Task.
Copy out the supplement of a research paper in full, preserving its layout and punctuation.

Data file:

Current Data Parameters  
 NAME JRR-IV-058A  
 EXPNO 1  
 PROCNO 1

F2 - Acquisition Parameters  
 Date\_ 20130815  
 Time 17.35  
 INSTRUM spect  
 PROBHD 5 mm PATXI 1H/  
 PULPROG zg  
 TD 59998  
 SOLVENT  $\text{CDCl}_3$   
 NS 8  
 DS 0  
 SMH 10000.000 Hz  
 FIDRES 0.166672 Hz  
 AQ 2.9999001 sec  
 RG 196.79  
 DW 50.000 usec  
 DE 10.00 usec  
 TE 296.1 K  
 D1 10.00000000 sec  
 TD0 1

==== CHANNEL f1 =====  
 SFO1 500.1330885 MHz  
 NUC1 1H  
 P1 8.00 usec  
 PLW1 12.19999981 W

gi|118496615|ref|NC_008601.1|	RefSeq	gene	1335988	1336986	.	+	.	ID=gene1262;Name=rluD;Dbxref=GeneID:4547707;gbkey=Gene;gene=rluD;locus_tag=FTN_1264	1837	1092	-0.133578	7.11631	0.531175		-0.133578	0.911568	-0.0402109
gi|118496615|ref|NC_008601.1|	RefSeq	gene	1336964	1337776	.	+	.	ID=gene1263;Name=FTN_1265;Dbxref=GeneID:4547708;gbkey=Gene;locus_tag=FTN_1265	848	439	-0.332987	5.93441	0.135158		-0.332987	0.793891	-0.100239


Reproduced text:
Current Data Parameters  
 NAME JRR-IV-058A  
 EXPNO 1  
 PROCNO 1

F2 - Acquisition Parameters  
 Date\_ 20130815  
 Time 17.35  
 INSTRUM spect  
 PROBHD 5 mm PATXI 1H/  
 PULPROG zg  
 TD 59998  
 SOLVENT  $\text{CDCl}_3$   
 NS 8  
 DS 0  
 SMH 10000.000 Hz  
 FIDRES 0.166672 Hz  
 AQ 2.9999001 sec  
 RG 196.79  
 DW 50.000 usec  
 DE 10.00 usec  
 TE 296.1 K  
 D1 10.00000000 sec  
 TD0 1

==== CHANNEL f1 =====  
 SFO1 500.1330885 MHz  
 NUC1 1H  
 P1 8.00 usec  
 PLW1 12.19999981 W

gi|118496615|ref|NC_008601.1|	RefSeq	gene	1335988	1336986	.	+	.	ID=gene1262;Name=rluD;Dbxref=GeneID:4547707;gbkey=Gene;gene=rluD;locus_tag=FTN_1264	1837	1092	-0.133578	7.11631	0.531175		-0.133578	0.911568	-0.0402109
gi|118496615|ref|NC_008601.1|	RefSeq	gene	1336964	1337776	.	+	.	ID=gene1263;Name=FTN_1265;Dbxref=GeneID:4547708;gbkey=Gene;locus_tag=FTN_1265	848	439	-0.332987	5.93441	0.135158		-0.332987	0.793891	-0.100239